Lenny (1974): Bob Fosse’s Stylized Biopic of Lenny Bruce, Starring Dustin Hoffman

As a follow-up to his 1972 Oscar-winning musical “Cabaret,” fast-rising director Bob Fosse chose another showbiz personality, albeit a more controversial one that Sally Bowles.  In his 1974 black-and-white, “Lenny,” from a screenplay by Julian Barry based on his own stage play, he offers a chronicle of the life and times of the 1950s comedian Lenny Bruce.

Cabaret (1972): Bob Fosse’s Dazzling Musical Featuring Liza Minnelli in her Best, Oscar-Winning Performance Film


At first glance, Dustin Hoffman is not the most likely or natural choice to play the anti-establishment Jewish comedian.  On the Off and then Broadway stage, Cliff Gorman was supposed to be excellent in capturing the essence of Bruce; as a compensation, perhaps, Fosse cast Gorman here in the film-within-film.


The episodic narrative is too much of a patchwork, punctuated by flashbacks and interviews done in pseudo-cinema verite style, and obviously inspired by the structure of Orson Welles’ magnum opus, “Citizen Kane,” with touches of Fellini’s “La Dolce Vita” and “81/2.”  Some scenes, such as a prolonged orgy, smack of sensationalism and don’t do much to illuminate Bruce as an artist or man.


Chronologically, we get glimpses into Lenny’s courtship and marriage to Honey (Valerie Perrine), a street smarts stripper who’s portrayed here as a drug-addict and bisexual. Main sections are devotes to Bruce’s rise to fame and controversial standing as a result of using foul language and inflammatory monologues in public, which lead to several arrests based on charges of obscenity.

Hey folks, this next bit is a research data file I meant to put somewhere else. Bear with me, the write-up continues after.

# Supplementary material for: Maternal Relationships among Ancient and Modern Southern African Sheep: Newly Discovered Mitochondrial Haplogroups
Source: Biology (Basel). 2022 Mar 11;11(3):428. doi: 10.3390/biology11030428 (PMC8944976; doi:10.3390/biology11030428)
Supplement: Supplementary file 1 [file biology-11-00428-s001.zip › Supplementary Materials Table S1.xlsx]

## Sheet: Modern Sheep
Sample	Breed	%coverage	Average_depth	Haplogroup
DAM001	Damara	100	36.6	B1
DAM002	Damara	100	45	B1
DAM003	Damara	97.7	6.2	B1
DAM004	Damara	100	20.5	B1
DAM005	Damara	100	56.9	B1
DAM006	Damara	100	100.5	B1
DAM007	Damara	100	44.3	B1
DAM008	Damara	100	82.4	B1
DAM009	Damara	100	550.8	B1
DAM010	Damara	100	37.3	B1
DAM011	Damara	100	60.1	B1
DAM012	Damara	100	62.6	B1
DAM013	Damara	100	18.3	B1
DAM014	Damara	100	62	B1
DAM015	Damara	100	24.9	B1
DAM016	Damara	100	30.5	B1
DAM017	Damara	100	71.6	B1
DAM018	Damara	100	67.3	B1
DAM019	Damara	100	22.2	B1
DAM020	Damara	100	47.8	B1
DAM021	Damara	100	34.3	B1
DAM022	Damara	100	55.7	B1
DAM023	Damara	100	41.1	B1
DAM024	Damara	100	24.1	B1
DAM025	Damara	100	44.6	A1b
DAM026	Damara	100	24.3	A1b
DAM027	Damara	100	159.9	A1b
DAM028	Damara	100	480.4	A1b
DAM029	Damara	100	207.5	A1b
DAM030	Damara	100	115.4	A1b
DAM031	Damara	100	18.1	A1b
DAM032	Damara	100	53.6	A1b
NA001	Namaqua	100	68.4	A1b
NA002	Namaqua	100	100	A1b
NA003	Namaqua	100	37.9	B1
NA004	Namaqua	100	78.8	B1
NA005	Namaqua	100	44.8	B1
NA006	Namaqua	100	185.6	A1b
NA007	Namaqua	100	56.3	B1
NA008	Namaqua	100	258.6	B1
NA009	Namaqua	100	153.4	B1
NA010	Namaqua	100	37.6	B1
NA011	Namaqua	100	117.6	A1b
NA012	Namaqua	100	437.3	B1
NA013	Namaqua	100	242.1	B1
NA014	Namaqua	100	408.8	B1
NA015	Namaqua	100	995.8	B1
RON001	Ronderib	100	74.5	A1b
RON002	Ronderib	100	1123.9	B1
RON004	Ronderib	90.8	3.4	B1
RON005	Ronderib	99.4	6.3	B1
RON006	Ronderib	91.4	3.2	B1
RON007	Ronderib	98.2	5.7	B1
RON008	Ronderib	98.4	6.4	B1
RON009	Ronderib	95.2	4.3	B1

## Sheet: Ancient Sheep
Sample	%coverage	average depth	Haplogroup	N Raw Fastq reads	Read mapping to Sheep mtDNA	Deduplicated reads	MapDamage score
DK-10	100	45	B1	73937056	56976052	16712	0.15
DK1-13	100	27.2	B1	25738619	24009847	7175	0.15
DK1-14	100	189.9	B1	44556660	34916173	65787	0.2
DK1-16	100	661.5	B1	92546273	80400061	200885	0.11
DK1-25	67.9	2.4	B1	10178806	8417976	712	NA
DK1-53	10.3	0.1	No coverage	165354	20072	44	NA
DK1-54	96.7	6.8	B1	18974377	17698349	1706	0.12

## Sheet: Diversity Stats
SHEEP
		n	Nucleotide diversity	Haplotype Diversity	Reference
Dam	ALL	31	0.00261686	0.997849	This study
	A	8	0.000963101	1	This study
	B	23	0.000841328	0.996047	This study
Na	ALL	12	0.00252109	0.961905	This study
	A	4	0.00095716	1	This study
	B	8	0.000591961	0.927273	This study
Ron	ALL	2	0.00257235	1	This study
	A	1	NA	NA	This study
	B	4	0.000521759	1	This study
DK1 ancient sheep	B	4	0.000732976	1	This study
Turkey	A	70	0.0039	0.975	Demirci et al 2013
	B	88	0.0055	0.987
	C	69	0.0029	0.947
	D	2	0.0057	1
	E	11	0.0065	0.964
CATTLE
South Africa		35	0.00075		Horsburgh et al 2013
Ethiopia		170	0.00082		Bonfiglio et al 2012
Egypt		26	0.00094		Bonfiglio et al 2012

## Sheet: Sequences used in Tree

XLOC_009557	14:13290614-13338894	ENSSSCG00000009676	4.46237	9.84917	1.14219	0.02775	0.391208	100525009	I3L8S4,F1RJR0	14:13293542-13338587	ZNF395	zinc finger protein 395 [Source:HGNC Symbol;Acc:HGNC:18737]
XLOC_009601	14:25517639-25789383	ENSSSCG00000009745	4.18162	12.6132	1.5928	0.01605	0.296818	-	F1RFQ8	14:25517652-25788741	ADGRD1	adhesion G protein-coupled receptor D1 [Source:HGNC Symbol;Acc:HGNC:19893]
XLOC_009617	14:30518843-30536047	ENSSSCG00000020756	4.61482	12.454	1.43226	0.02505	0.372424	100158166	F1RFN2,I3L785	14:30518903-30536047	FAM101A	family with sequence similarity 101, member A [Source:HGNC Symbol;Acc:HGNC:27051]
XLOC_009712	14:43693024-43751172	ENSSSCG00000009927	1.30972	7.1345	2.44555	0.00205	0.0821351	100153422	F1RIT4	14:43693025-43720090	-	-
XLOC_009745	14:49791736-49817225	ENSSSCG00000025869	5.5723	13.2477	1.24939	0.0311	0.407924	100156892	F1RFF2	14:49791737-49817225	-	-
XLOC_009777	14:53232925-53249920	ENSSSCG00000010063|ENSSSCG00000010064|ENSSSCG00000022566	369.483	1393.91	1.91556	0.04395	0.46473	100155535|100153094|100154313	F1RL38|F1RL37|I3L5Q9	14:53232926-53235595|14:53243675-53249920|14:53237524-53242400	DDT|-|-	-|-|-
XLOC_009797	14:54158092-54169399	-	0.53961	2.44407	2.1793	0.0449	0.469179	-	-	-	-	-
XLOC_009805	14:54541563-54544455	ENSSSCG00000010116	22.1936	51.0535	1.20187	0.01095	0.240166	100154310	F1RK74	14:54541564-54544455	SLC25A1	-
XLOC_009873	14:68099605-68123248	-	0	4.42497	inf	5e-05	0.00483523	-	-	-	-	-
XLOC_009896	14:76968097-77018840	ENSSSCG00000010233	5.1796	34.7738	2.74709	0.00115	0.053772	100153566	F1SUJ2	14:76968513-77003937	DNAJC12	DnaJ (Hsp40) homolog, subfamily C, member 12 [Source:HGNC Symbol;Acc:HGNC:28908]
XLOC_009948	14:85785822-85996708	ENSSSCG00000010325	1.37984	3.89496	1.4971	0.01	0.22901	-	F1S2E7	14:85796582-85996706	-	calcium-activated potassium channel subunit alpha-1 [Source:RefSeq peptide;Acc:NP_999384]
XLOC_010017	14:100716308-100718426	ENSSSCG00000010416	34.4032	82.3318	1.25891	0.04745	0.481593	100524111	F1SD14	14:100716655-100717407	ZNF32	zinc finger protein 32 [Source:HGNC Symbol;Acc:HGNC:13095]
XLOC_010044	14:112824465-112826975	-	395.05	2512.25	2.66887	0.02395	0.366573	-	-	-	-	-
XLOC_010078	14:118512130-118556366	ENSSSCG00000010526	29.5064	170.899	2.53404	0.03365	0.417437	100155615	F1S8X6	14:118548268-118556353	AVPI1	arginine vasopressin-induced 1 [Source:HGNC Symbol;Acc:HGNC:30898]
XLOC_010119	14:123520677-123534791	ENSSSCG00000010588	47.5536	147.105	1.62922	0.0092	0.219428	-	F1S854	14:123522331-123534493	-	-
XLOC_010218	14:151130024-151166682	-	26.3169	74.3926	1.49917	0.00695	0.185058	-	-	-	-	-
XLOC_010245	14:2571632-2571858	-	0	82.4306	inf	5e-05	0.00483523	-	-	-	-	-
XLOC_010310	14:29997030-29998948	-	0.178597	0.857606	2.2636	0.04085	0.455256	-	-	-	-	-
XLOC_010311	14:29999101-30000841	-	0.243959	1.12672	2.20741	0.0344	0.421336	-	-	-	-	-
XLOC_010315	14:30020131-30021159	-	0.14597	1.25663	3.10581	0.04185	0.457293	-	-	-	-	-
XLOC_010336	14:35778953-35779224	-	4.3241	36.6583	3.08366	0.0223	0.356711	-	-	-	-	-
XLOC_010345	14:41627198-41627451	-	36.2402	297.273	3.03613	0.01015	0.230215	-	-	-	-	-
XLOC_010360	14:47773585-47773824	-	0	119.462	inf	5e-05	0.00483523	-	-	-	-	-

More effective are the chapters dealing with his personal lifestyle, specifically his addiction to drugs (heroin), which further complicates his standing with the authorities.  Bruce’s obsession with death and tragic ending have proven prophetic in terms of the real life and death of Bob Fosse, which makes the picture a more personal work than given credit at the time.  (Fosse who died in 1987, would make two more pictures before his untimely death, “All That Jazz” in 1979 and “Star 80” in 1983).


Oscar Alert

Oscar Nominations:  6

Picture, produced by Marvin Worth

Director: Bob Fosse

Screenplay (Adapted): Julian Barry

Actor: Dustin Hoffman

Actress: Valerie Perrine

Cinematography: Bruce Surtees


Oscar Awards:  None


Oscar Context:


In 1974, the two most nominated films were “The Godfather, Part II,” with 11 nods, and Polanski’s Depression-era well-crafted noir, “Chinatown,” also 11.  While Coppola’s second installment won the largest (six) number of awards, “Chinatown” received only one, for Original Screenplay.


Of the five nominees, Bob Fosse’s biopicture “Lenny” didn’t win any award, despite six nods, and neither did Coppola’s other picture, “The Conversation,” which was nominated in 3 categories.  The fifth contender was the disaster-adventure flick, “The Towering Inferno,” which won three technical awards out of its seven nominations.




Lenny Bruce (Dustin Hoffman)

Honey Bruce (Valerie Perrine)

Sally Marr (Jan Miner)

Artie Silver (Stanley Beck

Sherman Hart (Gary Morton)

Aunt Mema (Rashel Novikoff)

Jack Goldstein (Guy Rennie)

Baltimore Club MC (Frankie Man)

San Francisco Defense Attorney (Mark Harris)

San Francisco Judge (Lee Sandman)